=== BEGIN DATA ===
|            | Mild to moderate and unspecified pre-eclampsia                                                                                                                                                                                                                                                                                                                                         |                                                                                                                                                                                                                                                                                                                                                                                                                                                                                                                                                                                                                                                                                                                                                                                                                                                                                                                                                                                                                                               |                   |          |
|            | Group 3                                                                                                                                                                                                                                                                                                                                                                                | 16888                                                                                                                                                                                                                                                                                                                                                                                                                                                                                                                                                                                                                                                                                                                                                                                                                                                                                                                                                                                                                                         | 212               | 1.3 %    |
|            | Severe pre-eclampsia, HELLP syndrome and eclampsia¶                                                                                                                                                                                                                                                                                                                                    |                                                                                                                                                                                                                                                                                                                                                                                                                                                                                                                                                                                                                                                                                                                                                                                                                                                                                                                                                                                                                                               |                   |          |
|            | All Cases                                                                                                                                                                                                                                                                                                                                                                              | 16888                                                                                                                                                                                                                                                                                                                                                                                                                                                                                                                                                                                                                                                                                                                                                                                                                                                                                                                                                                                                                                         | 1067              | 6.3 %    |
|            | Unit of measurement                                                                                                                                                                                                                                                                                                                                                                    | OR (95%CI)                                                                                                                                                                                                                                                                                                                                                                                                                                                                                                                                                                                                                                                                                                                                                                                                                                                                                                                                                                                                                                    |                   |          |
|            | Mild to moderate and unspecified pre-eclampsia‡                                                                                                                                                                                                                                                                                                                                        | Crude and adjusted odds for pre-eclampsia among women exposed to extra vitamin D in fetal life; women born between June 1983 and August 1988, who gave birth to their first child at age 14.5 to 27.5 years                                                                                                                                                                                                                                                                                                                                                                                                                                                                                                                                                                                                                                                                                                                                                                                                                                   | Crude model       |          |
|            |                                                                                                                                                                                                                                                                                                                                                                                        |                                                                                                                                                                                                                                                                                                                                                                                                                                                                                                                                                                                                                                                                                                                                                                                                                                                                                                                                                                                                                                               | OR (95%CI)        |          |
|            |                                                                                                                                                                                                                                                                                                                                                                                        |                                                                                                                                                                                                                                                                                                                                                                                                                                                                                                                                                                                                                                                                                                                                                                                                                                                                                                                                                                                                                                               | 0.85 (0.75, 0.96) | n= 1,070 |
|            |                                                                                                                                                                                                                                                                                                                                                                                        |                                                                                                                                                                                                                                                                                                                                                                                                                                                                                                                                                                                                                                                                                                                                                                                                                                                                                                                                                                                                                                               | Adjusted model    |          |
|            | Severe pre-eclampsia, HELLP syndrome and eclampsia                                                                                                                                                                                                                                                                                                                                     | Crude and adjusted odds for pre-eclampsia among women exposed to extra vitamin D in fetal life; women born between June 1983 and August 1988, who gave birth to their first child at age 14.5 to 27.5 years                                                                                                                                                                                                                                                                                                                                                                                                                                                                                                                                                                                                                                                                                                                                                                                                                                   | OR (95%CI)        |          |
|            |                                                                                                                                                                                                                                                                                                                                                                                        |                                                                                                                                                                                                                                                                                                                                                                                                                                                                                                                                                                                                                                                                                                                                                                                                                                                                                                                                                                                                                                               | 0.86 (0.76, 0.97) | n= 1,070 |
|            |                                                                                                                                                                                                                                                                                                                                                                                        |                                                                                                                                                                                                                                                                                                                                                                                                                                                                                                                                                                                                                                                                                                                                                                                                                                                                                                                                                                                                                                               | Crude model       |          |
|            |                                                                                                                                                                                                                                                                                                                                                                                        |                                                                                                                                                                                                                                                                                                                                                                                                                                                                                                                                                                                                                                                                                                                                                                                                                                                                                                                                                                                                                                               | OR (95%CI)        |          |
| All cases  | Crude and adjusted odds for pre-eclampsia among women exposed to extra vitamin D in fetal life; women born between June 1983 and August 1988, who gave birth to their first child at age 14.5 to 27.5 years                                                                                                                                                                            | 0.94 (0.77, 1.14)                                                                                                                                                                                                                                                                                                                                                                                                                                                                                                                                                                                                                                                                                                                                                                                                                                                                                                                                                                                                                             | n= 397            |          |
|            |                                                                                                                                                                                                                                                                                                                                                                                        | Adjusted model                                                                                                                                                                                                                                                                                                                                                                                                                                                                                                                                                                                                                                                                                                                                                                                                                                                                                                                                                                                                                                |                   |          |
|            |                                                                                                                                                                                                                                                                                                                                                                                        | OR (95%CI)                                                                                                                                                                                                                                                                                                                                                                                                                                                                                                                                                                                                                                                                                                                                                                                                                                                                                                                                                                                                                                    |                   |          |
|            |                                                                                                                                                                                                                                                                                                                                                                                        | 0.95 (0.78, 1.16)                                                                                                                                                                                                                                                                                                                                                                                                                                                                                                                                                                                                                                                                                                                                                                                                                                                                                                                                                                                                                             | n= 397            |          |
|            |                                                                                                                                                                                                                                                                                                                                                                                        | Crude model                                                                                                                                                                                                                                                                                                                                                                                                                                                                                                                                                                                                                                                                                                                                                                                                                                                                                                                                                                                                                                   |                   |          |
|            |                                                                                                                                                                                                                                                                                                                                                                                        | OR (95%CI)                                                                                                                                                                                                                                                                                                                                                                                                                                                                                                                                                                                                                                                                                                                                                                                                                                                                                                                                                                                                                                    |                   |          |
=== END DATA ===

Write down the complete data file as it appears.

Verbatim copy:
|            | Mild to moderate and unspecified pre-eclampsia                                                                                                                                                                                                                                                                                                                                         |                                                                                                                                                                                                                                                                                                                                                                                                                                                                                                                                                                                                                                                                                                                                                                                                                                                                                                                                                                                                                                               |                   |          |
|            | Group 3                                                                                                                                                                                                                                                                                                                                                                                | 16888                                                                                                                                                                                                                                                                                                                                                                                                                                                                                                                                                                                                                                                                                                                                                                                                                                                                                                                                                                                                                                         | 212               | 1.3 %    |
|            | Severe pre-eclampsia, HELLP syndrome and eclampsia¶                                                                                                                                                                                                                                                                                                                                    |                                                                                                                                                                                                                                                                                                                                                                                                                                                                                                                                                                                                                                                                                                                                                                                                                                                                                                                                                                                                                                               |                   |          |
|            | All Cases                                                                                                                                                                                                                                                                                                                                                                              | 16888                                                                                                                                                                                                                                                                                                                                                                                                                                                                                                                                                                                                                                                                                                                                                                                                                                                                                                                                                                                                                                         | 1067              | 6.3 %    |
|            | Unit of measurement                                                                                                                                                                                                                                                                                                                                                                    | OR (95%CI)                                                                                                                                                                                                                                                                                                                                                                                                                                                                                                                                                                                                                                                                                                                                                                                                                                                                                                                                                                                                                                    |                   |          |
|            | Mild to moderate and unspecified pre-eclampsia‡                                                                                                                                                                                                                                                                                                                                        | Crude and adjusted odds for pre-eclampsia among women exposed to extra vitamin D in fetal life; women born between June 1983 and August 1988, who gave birth to their first child at age 14.5 to 27.5 years                                                                                                                                                                                                                                                                                                                                                                                                                                                                                                                                                                                                                                                                                                                                                                                                                                   | Crude model       |          |
|            |                                                                                                                                                                                                                                                                                                                                                                                        |                                                                                                                                                                                                                                                                                                                                                                                                                                                                                                                                                                                                                                                                                                                                                                                                                                                                                                                                                                                                                                               | OR (95%CI)        |          |
|            |                                                                                                                                                                                                                                                                                                                                                                                        |                                                                                                                                                                                                                                                                                                                                                                                                                                                                                                                                                                                                                                                                                                                                                                                                                                                                                                                                                                                                                                               | 0.85 (0.75, 0.96) | n= 1,070 |
|            |                                                                                                                                                                                                                                                                                                                                                                                        |                                                                                                                                                                                                                                                                                                                                                                                                                                                                                                                                                                                                                                                                                                                                                                                                                                                                                                                                                                                                                                               | Adjusted model    |          |
|            | Severe pre-eclampsia, HELLP syndrome and eclampsia                                                                                                                                                                                                                                                                                                                                     | Crude and adjusted odds for pre-eclampsia among women exposed to extra vitamin D in fetal life; women born between June 1983 and August 1988, who gave birth to their first child at age 14.5 to 27.5 years                                                                                                                                                                                                                                                                                                                                                                                                                                                                                                                                                                                                                                                                                                                                                                                                                                   | OR (95%CI)        |          |
|            |                                                                                                                                                                                                                                                                                                                                                                                        |                                                                                                                                                                                                                                                                                                                                                                                                                                                                                                                                                                                                                                                                                                                                                                                                                                                                                                                                                                                                                                               | 0.86 (0.76, 0.97) | n= 1,070 |
|            |                                                                                                                                                                                                                                                                                                                                                                                        |                                                                                                                                                                                                                                                                                                                                                                                                                                                                                                                                                                                                                                                                                                                                                                                                                                                                                                                                                                                                                                               | Crude model       |          |
|            |                                                                                                                                                                                                                                                                                                                                                                                        |                                                                                                                                                                                                                                                                                                                                                                                                                                                                                                                                                                                                                                                                                                                                                                                                                                                                                                                                                                                                                                               | OR (95%CI)        |          |
| All cases  | Crude and adjusted odds for pre-eclampsia among women exposed to extra vitamin D in fetal life; women born between June 1983 and August 1988, who gave birth to their first child at age 14.5 to 27.5 years                                                                                                                                                                            | 0.94 (0.77, 1.14)                                                                                                                                                                                                                                                                                                                                                                                                                                                                                                                                                                                                                                                                                                                                                                                                                                                                                                                                                                                                                             | n= 397            |          |
|            |                                                                                                                                                                                                                                                                                                                                                                                        | Adjusted model                                                                                                                                                                                                                                                                                                                                                                                                                                                                                                                                                                                                                                                                                                                                                                                                                                                                                                                                                                                                                                |                   |          |
|            |                                                                                                                                                                                                                                                                                                                                                                                        | OR (95%CI)                                                                                                                                                                                                                                                                                                                                                                                                                                                                                                                                                                                                                                                                                                                                                                                                                                                                                                                                                                                                                                    |                   |          |
|            |                                                                                                                                                                                                                                                                                                                                                                                        | 0.95 (0.78, 1.16)                                                                                                                                                                                                                                                                                                                                                                                                                                                                                                                                                                                                                                                                                                                                                                                                                                                                                                                                                                                                                             | n= 397            |          |
|            |                                                                                                                                                                                                                                                                                                                                                                                        | Crude model                                                                                                                                                                                                                                                                                                                                                                                                                                                                                                                                                                                                                                                                                                                                                                                                                                                                                                                                                                                                                                   |                   |          |
|            |                                                                                                                                                                                                                                                                                                                                                                                        | OR (95%CI)                                                                                                                                                                                                                                                                                                                                                                                                                                                                                                                                                                                                                                                                                                                                                                                                                                                                                                                                                                                                                                    |                   |          |